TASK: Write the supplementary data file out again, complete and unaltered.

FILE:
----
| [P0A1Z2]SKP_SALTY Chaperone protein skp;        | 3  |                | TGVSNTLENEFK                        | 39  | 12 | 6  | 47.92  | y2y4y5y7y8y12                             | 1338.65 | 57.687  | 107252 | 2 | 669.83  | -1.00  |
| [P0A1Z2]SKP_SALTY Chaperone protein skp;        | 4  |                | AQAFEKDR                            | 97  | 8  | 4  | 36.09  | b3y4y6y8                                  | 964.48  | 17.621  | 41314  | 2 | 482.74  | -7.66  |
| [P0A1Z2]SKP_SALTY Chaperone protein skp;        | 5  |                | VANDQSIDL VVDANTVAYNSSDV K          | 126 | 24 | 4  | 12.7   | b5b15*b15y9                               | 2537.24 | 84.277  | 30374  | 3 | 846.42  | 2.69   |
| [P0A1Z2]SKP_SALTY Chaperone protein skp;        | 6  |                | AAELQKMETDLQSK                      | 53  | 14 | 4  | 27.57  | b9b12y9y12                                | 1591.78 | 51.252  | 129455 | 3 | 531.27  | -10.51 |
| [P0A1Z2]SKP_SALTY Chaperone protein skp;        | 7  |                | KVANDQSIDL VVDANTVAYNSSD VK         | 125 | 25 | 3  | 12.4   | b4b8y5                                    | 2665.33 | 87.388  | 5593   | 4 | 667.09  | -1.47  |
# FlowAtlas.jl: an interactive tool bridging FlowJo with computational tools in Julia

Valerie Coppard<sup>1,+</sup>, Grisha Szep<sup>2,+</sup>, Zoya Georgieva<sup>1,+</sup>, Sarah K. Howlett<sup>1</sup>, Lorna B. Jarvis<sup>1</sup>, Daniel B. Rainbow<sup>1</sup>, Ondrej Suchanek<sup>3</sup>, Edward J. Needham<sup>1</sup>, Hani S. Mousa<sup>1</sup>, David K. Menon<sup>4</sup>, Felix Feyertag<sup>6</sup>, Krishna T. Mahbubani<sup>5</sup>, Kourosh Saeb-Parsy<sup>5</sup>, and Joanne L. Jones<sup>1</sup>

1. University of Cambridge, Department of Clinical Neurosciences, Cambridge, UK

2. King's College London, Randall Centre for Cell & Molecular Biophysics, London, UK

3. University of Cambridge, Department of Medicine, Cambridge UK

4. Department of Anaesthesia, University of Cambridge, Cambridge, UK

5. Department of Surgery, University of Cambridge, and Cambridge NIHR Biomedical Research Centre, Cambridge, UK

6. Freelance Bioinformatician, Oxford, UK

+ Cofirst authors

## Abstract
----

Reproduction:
| [P0A1Z2]SKP_SALTY Chaperone protein skp;        | 3  |                | TGVSNTLENEFK                        | 39  | 12 | 6  | 47.92  | y2y4y5y7y8y12                             | 1338.65 | 57.687  | 107252 | 2 | 669.83  | -1.00  |
| [P0A1Z2]SKP_SALTY Chaperone protein skp;        | 4  |                | AQAFEKDR                            | 97  | 8  | 4  | 36.09  | b3y4y6y8                                  | 964.48  | 17.621  | 41314  | 2 | 482.74  | -7.66  |
| [P0A1Z2]SKP_SALTY Chaperone protein skp;        | 5  |                | VANDQSIDL VVDANTVAYNSSDV K          | 126 | 24 | 4  | 12.7   | b5b15*b15y9                               | 2537.24 | 84.277  | 30374  | 3 | 846.42  | 2.69   |
| [P0A1Z2]SKP_SALTY Chaperone protein skp;        | 6  |                | AAELQKMETDLQSK                      | 53  | 14 | 4  | 27.57  | b9b12y9y12                                | 1591.78 | 51.252  | 129455 | 3 | 531.27  | -10.51 |
| [P0A1Z2]SKP_SALTY Chaperone protein skp;        | 7  |                | KVANDQSIDL VVDANTVAYNSSD VK         | 125 | 25 | 3  | 12.4   | b4b8y5                                    | 2665.33 | 87.388  | 5593   | 4 | 667.09  | -1.47  |
# FlowAtlas.jl: an interactive tool bridging FlowJo with computational tools in Julia

Valerie Coppard<sup>1,+</sup>, Grisha Szep<sup>2,+</sup>, Zoya Georgieva<sup>1,+</sup>, Sarah K. Howlett<sup>1</sup>, Lorna B. Jarvis<sup>1</sup>, Daniel B. Rainbow<sup>1</sup>, Ondrej Suchanek<sup>3</sup>, Edward J. Needham<sup>1</sup>, Hani S. Mousa<sup>1</sup>, David K. Menon<sup>4</sup>, Felix Feyertag<sup>6</sup>, Krishna T. Mahbubani<sup>5</sup>, Kourosh Saeb-Parsy<sup>5</sup>, and Joanne L. Jones<sup>1</sup>

1. University of Cambridge, Department of Clinical Neurosciences, Cambridge, UK

2. King's College London, Randall Centre for Cell & Molecular Biophysics, London, UK

3. University of Cambridge, Department of Medicine, Cambridge UK

4. Department of Anaesthesia, University of Cambridge, Cambridge, UK

5. Department of Surgery, University of Cambridge, and Cambridge NIHR Biomedical Research Centre, Cambridge, UK

6. Freelance Bioinformatician, Oxford, UK

+ Cofirst authors

## Abstract